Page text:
Move Towards Professionalization? A Case Study of Nursing Development in a Globalised Context from the Southern Indian State of Kerala
Researcher:  Sreelekha R.Nair

Undertaken in collaboration with the School of Nursing, Midwifery and Physiotherapy at the University of Nottingham, UK,

A proposal to study a spate of on-going strikes by nurses in the private sector hospitals in Kerala was initiated during December 2011-February 2012 when it was noticed that nurses across different districts had come together to speak in one voice, despite pressure tactics from hospital authorities. In Kerala the strikes received widespread media coverage and public debate about problems and issues faced by nurses. The context to the study was provided by the  well –known fact that India faces an acute shortage of nursing staff and an estimated deficit of 2 million even as the Government has identified the National Rural Health Mission (2005-2015), health sector reform and human resource development as central priorities. Presently, much investment is directed towards increasing training capacity for nurses. However, reports point to a systemic crisis in the nursing sector, demonstrating that poor working conditions, low pay, exploitative working conditions (particularly in the private sector), low status of the profession, and weak regulation continue to be issues.  Significantly, scholars working on the subject have maintained that simply increasing the numbers of nurses without addressing these wider social and professional issues will not help to achieve the goal of improving the quality and capability of the nursing workforce. Keeping these aspects in mind, a project titled ‘Move towards Professionalization?  A Case Study of Nursing Development in a Globalised Context from the Southern Indian State of Kerala,’ in order to study the issues emerging from and in course of ongoing strikes by nurses has been undertaken in collaboration with Dr. Catrin Evans (Nurse Educator) and Dr. Stephen Timmons (Sociologist) of the School of Nursing, Midwifery and Physiotherapy of the University of Nottingham, the United Kingdom. Work on the Project began in March 2012.

The Manuscript of Moving with the Times Gender, Status and Migration of Nurses in India, published by Routledge India, New Delhi in May 2012 was finalized during this period.






 

Needs Assessment for Creches and Childcare Services

Project Director: Kumud Sharma; Co-ordinator: Vasanthi Raman;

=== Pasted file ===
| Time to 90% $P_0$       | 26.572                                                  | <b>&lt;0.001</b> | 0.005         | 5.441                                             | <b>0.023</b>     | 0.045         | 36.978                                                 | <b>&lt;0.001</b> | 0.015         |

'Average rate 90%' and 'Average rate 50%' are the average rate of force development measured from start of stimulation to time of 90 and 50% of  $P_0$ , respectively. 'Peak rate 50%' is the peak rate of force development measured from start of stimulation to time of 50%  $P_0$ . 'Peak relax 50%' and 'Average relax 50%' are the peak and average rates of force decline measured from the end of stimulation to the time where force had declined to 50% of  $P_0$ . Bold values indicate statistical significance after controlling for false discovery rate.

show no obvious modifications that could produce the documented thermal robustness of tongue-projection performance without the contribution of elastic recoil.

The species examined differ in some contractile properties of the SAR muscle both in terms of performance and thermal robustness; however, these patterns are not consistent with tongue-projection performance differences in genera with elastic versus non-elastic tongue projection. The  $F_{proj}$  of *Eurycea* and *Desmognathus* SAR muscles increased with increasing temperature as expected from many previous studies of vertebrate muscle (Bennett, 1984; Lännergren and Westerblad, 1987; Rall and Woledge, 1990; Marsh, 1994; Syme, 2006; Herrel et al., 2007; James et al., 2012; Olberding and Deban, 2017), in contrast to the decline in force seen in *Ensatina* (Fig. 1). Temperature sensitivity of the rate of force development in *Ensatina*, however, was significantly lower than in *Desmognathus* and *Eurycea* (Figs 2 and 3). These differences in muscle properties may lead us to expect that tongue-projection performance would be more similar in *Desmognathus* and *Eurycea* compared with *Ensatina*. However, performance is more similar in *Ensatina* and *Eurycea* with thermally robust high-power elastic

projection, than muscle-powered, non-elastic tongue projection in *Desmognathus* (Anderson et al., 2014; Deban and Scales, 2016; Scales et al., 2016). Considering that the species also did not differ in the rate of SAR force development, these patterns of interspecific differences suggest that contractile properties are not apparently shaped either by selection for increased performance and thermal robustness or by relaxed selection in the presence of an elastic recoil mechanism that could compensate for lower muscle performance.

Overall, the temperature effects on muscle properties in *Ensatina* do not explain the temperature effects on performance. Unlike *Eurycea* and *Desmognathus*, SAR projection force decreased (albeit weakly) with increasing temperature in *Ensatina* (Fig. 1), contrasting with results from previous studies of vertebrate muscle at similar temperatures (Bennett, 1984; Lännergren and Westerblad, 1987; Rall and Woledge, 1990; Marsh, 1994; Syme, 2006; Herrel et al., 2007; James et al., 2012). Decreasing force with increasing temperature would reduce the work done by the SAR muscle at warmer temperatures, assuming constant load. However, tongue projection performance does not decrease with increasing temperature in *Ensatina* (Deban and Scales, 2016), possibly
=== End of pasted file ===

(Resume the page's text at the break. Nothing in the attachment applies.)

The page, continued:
Research Officer: Pooja Dhawan

A project focusing on Need Assessment of Creches and Child Care Services was undertaken over this year to strengthen the research component within the FORCES–CWDS partnership, with Vasanthi Raman as the Project Co-ordinator 

Commissioned as a Project by the Ministry of Women and Child Development, GOI, during 2011-2012, this study is aimed at feeding into changes in policy that were/ are  already in the pipeline to specifically examine the scope, need and viability of developing a network of  anganwadi centres- cum -crèches.

The focus of this study remains two-fold: to assess the functioning of ICDS centres and need for crèches and child care services reaching out to the vast majority of women and families who could no longer fulfil child care needs. The study team has approached the issue from an integrated perspective to address the needs for care of the young child and the mother/worker, thus linking both child care needs as well as the gender dimensions. The outcome of the project has far reaching implications.

The time frame for the study was one year, with an extension given for three months. The study has been completed and the final report is being finalised.  The six state  study – covering Assam, Delhi, Madhya Pradesh, Orissa, Rajasthan and Uttar Pradesh- began with identifying the diverse regions and socio-economic and cultural niches of the country as its starting point, thereby laying out the diversity of the situations of mothers and families, also specifically that of children as a factor to be built upon. Special attention was given to factoring in different occupational categories as an important criterion while identifying the sample of 3000 households for the questionnaire based survey.